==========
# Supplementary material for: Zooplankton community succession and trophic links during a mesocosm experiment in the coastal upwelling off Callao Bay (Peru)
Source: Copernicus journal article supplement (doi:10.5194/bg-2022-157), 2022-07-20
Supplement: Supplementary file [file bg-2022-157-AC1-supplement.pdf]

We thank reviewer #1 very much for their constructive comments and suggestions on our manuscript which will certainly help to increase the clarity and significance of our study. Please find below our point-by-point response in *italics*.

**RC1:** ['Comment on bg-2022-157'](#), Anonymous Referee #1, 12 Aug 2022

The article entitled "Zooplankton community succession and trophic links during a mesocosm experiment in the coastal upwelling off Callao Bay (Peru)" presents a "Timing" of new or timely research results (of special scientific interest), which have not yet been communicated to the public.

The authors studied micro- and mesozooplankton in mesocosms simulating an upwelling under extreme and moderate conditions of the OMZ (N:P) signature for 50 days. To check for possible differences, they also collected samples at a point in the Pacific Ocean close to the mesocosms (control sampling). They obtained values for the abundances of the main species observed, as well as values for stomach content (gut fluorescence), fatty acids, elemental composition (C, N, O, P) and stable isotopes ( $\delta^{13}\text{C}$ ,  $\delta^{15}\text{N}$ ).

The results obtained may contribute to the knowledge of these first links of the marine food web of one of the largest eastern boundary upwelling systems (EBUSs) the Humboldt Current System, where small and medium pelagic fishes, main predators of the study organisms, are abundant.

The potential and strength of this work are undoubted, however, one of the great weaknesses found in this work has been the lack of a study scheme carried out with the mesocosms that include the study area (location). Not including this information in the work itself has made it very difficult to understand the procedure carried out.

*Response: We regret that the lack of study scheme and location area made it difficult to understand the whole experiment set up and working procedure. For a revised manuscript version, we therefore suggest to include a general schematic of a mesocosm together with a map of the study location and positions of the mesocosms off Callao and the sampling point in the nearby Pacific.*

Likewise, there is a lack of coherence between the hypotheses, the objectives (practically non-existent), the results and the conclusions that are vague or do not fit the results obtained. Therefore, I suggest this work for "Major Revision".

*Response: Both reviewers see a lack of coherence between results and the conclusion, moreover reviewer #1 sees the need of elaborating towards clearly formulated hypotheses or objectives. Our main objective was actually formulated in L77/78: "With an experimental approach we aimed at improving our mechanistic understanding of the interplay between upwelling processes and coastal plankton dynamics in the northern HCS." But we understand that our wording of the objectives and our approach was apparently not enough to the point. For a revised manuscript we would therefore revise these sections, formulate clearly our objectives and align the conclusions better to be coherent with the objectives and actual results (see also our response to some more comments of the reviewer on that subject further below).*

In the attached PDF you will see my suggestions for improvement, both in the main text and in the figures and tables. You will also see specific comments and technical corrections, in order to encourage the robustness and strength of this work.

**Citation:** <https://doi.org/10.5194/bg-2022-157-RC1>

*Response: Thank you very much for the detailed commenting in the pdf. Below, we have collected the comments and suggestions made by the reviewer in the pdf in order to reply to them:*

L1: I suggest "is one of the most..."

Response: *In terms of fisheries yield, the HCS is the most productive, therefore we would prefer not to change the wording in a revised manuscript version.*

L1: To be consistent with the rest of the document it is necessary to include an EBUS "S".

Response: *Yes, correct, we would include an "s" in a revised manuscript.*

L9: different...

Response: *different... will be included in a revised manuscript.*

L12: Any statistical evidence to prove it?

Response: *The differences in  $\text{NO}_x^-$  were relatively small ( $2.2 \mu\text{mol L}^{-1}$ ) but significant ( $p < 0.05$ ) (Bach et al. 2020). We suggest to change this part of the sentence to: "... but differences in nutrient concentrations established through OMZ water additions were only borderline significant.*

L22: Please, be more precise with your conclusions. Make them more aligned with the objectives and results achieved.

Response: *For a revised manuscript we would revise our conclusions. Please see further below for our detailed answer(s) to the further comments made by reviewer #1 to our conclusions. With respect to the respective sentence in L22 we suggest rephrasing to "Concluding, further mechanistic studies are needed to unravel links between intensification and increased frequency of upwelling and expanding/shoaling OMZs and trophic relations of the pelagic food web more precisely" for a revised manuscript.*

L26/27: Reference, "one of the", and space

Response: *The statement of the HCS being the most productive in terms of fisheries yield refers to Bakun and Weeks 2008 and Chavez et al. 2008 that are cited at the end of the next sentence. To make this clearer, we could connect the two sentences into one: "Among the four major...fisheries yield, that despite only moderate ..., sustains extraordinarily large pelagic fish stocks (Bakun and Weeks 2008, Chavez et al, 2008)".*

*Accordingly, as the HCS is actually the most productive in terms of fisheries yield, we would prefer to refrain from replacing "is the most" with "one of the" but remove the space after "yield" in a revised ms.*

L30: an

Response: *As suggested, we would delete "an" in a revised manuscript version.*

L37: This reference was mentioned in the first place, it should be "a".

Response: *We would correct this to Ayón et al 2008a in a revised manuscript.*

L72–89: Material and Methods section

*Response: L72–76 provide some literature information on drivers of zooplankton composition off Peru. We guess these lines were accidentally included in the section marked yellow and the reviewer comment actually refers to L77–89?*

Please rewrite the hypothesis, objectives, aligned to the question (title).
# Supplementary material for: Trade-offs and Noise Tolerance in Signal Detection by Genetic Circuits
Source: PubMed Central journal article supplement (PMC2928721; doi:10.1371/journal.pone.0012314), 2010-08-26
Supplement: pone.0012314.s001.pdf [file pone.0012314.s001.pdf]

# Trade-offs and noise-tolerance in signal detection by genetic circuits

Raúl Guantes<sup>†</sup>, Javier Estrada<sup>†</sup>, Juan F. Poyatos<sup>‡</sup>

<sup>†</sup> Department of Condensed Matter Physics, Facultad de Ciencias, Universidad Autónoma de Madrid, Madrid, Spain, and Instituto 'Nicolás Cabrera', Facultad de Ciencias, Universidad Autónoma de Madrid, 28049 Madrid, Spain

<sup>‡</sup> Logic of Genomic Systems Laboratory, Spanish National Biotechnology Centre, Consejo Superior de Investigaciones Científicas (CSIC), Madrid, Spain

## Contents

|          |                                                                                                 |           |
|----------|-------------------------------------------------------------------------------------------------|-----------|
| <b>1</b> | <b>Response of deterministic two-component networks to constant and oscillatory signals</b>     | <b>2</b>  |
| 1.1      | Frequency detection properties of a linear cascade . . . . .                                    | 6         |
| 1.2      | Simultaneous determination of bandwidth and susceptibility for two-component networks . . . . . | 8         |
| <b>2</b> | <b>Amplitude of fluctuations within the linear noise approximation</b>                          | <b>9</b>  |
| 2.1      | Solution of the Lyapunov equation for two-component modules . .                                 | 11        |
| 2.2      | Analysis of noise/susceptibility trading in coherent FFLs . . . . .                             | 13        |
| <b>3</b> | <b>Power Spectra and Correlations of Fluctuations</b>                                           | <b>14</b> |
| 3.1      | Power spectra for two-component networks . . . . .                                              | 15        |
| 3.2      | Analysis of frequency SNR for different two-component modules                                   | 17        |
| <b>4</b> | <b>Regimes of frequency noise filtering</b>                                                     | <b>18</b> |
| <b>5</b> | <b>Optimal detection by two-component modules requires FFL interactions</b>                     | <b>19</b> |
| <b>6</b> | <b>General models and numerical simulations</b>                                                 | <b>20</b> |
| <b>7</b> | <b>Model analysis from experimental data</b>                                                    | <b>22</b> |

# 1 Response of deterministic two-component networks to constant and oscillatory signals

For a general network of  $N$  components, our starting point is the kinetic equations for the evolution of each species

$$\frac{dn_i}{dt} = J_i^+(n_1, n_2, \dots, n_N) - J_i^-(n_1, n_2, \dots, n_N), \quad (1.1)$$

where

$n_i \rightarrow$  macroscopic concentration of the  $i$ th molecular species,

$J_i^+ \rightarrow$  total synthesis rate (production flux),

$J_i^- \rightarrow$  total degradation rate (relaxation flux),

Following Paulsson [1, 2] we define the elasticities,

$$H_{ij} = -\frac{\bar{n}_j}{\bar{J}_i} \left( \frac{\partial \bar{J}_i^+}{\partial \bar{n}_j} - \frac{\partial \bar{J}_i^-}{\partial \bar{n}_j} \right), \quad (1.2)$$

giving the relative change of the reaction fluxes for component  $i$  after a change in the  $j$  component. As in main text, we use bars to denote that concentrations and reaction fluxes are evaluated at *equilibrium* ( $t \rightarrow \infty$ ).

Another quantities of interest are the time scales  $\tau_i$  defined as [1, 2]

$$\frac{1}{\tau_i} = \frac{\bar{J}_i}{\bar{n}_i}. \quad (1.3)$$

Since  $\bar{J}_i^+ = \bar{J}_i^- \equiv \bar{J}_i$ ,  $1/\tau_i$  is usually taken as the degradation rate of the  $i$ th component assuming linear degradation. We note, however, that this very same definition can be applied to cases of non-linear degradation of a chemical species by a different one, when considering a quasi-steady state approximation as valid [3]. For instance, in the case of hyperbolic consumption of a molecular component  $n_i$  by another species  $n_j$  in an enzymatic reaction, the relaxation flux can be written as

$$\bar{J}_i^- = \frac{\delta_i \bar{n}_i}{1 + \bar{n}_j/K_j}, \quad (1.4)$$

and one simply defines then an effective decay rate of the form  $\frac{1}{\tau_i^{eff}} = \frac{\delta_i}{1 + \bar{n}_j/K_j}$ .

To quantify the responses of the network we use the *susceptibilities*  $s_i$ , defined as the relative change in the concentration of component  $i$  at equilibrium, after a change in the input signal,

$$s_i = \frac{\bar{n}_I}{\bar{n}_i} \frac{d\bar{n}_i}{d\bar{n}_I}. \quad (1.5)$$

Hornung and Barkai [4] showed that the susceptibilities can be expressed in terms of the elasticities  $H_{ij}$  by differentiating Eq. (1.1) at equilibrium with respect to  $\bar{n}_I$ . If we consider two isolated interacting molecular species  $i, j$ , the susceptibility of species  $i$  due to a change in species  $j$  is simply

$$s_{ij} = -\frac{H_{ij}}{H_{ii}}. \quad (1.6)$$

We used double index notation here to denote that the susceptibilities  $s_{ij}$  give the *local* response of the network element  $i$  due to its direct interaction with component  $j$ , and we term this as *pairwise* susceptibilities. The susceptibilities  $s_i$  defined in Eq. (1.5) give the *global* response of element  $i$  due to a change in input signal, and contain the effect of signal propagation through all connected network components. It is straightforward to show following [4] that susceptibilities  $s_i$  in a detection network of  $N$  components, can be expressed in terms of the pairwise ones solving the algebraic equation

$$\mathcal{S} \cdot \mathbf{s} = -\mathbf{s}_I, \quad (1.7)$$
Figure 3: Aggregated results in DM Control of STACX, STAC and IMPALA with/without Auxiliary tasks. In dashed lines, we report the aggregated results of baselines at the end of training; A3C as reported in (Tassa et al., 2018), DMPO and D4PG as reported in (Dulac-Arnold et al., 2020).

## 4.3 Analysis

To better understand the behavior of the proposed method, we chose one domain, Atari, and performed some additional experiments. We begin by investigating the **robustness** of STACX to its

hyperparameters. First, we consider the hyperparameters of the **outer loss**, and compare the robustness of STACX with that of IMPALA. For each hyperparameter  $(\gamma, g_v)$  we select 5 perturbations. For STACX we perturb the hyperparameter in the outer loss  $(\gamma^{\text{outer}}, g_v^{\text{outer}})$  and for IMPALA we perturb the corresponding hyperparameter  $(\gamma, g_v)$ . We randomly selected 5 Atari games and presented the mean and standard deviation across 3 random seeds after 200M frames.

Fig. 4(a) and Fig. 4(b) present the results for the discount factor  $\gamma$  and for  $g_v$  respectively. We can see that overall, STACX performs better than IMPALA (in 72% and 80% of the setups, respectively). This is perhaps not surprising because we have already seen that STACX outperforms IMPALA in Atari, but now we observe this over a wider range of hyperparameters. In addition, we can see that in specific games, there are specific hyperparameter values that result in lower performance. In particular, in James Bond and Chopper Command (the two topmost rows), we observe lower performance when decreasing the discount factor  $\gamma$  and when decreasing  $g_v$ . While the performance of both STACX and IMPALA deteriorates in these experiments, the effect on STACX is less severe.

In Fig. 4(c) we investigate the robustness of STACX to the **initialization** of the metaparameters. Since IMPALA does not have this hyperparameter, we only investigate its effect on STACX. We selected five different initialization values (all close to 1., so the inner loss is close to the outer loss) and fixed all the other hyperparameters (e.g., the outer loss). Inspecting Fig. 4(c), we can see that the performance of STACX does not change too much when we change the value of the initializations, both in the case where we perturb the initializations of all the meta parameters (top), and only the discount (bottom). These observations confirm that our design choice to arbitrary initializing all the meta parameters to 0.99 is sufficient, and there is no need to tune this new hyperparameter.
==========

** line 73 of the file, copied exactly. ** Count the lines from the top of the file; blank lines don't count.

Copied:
and one simply defines then an effective decay rate of the form  $\frac{1}{\tau_i^{eff}} = \frac{\delta_i}{1 + \bar{n}_j/K_j}$ .